The digital analysis of writing systems

A discussion paper


Any writing system is an information technology. It has an input device, say a pencil or a stylus; an output device, the writing surface itself, say a sheet of paper or a clay tablet; and a means of storing information in conventionally coded form so that it can be retrieved at a later date. What the new information technology of the microcomputer has that its predecessors lacked is a means of processing that information. Because of this processing power, which is now enormous, it is possible to use the new technology to analyse the old.

What kinds of analysis are possible, and interesting? It depends on the writing system. In the cuneiform system, for instance, which could not be read by any living person for nearly two thousand years after it fell out of use, the primary and enormous task was decipherment: unlocking the code and enabling its phonological and semantic realisation. For the writing systems of living languages, this is hardly a pressing problem. But for all writing systems there is another, perennial, interest: what can one read in them other than the meaning that they present? Is it possible to tell when and where a document was written, and, most important of all, is it possible to tell who wrote it, from examining the characteristics of the written trace?

Those who ask this question have two different names; there is no single term to cover both. For ancient documents, students who study and attempt to derive meaning from the form as well as the content are called palaeographers; these are mainly academics and librarians, though some make a living doing consultancy work for auction houses. For modern documents, they are called forensic document analysts. Or, more casually, handwriting experts. These operate as forensic scientists, and are employed by the police and the government, or are self-employed: their job normally consists of examining documents for evidence of authorship and presenting that evidence in court. Since a substantial proportion of our financial system is dependent on the belief that a signature is identifiably unique to the author of that signature, they have a lot of work to do, and on their judgements depend, very often, enormous sums of money.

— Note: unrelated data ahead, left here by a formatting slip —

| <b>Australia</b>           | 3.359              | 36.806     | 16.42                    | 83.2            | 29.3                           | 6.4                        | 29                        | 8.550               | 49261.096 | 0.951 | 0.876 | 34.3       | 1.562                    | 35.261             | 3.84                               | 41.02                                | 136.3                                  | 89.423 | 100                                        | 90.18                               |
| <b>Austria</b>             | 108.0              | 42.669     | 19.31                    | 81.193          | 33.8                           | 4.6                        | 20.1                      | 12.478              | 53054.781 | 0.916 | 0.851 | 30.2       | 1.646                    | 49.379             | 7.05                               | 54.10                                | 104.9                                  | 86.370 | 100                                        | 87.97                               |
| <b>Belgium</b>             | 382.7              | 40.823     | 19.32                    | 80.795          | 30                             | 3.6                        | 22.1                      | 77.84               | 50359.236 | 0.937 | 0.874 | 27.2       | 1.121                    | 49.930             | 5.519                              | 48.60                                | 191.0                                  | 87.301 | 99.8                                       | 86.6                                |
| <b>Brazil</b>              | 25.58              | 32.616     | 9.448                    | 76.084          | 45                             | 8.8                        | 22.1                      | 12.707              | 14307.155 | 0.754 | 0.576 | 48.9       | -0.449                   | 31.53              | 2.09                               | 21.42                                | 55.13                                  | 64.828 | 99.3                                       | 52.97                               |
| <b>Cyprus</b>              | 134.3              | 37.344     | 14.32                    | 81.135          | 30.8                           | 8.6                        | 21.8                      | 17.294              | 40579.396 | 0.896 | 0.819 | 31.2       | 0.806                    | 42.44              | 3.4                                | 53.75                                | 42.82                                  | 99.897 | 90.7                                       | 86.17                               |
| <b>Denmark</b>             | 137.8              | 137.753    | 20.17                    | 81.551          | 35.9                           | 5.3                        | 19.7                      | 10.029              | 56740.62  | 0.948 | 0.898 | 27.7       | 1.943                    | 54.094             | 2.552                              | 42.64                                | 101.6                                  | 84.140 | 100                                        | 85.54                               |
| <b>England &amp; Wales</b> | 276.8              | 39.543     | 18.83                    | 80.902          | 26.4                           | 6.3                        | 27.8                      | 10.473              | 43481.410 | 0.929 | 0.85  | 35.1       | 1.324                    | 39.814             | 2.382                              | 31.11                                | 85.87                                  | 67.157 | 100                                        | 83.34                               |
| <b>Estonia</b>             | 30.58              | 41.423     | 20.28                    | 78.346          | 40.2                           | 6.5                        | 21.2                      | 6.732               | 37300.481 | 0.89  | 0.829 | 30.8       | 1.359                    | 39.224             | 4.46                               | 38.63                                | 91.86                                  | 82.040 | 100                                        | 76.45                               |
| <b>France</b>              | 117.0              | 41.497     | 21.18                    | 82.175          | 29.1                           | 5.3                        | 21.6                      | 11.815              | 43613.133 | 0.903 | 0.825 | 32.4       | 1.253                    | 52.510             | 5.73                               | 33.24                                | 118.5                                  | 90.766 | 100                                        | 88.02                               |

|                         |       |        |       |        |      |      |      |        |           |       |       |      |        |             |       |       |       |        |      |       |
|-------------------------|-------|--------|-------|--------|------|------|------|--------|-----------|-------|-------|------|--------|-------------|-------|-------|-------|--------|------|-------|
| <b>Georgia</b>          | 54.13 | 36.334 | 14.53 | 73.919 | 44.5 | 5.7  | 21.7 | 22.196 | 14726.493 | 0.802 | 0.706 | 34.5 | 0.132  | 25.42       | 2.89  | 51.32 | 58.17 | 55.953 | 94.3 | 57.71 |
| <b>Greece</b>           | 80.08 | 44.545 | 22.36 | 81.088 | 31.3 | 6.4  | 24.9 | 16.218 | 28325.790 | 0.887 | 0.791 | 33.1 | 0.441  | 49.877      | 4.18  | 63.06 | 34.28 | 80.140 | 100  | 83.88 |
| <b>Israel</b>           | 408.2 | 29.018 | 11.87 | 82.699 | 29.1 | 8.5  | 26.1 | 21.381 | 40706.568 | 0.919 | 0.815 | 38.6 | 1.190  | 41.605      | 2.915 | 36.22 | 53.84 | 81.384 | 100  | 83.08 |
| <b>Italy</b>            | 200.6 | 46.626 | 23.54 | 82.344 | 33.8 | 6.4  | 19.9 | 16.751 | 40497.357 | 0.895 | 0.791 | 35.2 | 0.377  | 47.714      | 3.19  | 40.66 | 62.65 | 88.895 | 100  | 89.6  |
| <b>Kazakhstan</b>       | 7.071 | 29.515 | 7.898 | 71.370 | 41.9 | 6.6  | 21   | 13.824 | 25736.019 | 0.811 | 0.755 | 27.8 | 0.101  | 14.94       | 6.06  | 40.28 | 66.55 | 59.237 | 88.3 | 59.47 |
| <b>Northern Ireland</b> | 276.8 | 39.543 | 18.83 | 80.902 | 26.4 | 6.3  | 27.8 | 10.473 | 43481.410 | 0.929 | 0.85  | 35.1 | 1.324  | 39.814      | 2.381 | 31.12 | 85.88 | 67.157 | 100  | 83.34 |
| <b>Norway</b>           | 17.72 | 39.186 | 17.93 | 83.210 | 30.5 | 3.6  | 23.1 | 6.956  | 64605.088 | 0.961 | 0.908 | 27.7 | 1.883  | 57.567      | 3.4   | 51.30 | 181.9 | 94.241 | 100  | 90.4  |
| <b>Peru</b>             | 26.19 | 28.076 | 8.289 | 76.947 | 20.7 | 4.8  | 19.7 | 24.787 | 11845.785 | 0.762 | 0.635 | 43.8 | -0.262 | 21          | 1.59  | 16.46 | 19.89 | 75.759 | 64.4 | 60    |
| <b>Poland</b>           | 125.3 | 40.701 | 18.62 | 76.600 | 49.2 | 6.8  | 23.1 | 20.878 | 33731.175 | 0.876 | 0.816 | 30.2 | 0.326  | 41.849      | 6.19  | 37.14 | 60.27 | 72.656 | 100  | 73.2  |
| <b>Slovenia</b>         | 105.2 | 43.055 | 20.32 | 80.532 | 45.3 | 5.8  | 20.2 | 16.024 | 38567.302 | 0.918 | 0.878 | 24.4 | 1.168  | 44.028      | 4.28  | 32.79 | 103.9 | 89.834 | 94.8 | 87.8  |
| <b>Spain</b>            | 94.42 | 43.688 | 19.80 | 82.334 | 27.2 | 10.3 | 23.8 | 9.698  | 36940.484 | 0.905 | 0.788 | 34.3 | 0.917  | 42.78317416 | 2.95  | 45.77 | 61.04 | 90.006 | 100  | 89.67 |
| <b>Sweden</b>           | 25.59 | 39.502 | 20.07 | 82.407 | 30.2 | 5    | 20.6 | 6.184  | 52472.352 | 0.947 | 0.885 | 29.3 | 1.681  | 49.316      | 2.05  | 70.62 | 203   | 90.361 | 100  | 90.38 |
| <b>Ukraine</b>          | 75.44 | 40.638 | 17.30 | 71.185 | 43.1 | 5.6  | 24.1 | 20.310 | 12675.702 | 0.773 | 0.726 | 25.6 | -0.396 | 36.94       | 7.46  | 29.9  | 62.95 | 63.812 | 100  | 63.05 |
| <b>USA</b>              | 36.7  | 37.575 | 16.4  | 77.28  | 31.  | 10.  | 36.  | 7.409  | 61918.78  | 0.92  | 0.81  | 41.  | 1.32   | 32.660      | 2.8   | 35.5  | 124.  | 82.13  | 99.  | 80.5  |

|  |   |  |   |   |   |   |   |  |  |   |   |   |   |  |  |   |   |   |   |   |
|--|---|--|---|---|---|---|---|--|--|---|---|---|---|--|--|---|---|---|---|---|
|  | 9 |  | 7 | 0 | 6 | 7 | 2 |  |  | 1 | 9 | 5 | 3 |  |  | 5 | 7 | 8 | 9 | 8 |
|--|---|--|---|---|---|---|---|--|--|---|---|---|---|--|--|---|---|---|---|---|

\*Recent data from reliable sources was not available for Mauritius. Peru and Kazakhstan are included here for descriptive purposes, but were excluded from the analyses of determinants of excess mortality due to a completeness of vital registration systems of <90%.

Forensic document examiners normally have science degrees, and consider themselves to be scientists. Indeed, their livelihood depends on this, because they give opinion evidence in court; only an accepted scientific expert can give such evidence. Palaeographers generally have arts degrees, and their judgements tend to make less of a claim to scientific status, though it is clear that both sets of experts are doing almost exactly the same job of work [1] . There is no doubt that, for instance, Home Office forensic handwriting experts in the UK are carefully trained and operate a rigorous, cautious, and disciplined methodology; and it is known that the Police are happy to have handwriting evidence (when they can get it: properly qualified handwriting experts are notoriously cautious).  But the ambiguity represented in the dual expertise of the document analyst and the palaeographer, the arts student and the science student, represents a definite ambiguity in the nature of the discipline: is it, can it be, a science? For many years this has been a common question in cross-examination of forensic document experts, and this uncertainty has recently become a very large issue with the Daubert ruling [2] in the U.S, which has been used to cast considerable doubt on the scientific credentials of handwriting experts.

One reason for this doubt is this. When a handwriting expert makes a statement, for instance that two pieces of handwriting (or two different cuneiform tablets) were produced by the same person, what he or she is doing is comparing those two inscriptions with a very large number of other inscriptions. He or she is saying that the two writings in question are similar to each other in respects in which they differ from all those other samples. The other samples may no longer exist: they are members of a reference database that exists in the examiner’s memory, based on years of experience in looking at the physical characteristics of handwriting.